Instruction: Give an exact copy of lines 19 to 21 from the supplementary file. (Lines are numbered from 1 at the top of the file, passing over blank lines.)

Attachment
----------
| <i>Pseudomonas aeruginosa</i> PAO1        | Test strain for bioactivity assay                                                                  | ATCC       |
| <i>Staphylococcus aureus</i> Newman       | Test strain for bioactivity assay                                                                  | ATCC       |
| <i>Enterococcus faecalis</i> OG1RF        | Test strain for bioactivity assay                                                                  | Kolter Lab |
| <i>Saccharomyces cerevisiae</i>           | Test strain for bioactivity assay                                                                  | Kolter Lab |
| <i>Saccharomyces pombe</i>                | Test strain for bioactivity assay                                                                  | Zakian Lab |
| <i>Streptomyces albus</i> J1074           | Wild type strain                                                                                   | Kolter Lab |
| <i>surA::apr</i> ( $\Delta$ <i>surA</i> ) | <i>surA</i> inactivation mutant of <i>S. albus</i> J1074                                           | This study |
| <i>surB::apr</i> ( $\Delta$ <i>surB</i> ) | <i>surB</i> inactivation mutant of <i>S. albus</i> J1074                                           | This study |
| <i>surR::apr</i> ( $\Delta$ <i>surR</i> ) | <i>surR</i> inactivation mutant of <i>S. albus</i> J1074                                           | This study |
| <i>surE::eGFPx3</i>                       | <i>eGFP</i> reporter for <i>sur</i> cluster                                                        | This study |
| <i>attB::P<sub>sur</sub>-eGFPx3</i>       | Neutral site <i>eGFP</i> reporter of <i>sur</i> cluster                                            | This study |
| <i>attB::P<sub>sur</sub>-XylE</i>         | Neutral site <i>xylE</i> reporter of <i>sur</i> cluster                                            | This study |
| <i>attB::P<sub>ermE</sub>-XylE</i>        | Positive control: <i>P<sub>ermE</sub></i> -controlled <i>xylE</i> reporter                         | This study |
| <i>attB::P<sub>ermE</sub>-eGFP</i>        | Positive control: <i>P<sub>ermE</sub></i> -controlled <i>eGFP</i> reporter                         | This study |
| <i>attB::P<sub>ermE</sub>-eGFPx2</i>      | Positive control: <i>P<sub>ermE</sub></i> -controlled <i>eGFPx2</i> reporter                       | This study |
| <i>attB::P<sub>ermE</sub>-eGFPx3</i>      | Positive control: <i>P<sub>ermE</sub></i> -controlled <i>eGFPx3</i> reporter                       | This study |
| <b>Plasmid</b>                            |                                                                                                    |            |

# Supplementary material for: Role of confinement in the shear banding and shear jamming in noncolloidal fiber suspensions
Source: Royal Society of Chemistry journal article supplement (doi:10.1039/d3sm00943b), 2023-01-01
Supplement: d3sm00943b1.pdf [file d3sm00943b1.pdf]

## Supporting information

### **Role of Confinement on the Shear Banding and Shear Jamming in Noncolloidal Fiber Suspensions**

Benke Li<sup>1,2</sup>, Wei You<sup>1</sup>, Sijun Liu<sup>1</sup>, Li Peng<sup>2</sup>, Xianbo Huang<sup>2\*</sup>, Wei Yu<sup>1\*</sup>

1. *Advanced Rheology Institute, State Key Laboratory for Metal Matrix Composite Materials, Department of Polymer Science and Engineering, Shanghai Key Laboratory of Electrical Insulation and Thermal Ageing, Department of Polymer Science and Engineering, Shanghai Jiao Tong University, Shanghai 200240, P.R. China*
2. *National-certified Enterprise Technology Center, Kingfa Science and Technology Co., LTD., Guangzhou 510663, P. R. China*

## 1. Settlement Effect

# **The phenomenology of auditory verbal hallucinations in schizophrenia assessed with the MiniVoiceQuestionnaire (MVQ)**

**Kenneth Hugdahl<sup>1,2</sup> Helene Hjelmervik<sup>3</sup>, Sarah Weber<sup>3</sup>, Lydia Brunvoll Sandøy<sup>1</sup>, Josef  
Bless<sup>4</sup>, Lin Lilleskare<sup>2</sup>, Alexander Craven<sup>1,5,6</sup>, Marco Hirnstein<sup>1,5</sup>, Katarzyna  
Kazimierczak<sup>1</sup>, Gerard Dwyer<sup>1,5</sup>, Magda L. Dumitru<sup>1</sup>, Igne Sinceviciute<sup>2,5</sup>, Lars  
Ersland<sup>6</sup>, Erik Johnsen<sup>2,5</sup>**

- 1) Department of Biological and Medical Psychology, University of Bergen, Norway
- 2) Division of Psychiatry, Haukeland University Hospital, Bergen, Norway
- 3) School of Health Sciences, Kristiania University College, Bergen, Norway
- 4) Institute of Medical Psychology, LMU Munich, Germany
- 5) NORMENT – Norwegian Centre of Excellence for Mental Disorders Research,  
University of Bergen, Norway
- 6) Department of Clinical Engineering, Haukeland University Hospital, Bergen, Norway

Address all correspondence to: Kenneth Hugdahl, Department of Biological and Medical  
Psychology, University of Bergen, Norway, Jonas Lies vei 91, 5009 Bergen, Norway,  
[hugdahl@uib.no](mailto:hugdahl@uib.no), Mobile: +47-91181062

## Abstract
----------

Source: Royal Society of Chemistry journal article supplement (doi:10.1039/d3sm00943b), 2023-01-01
Supplement: d3sm00943b1.pdf [file d3sm00943b1.pdf]

## Supporting information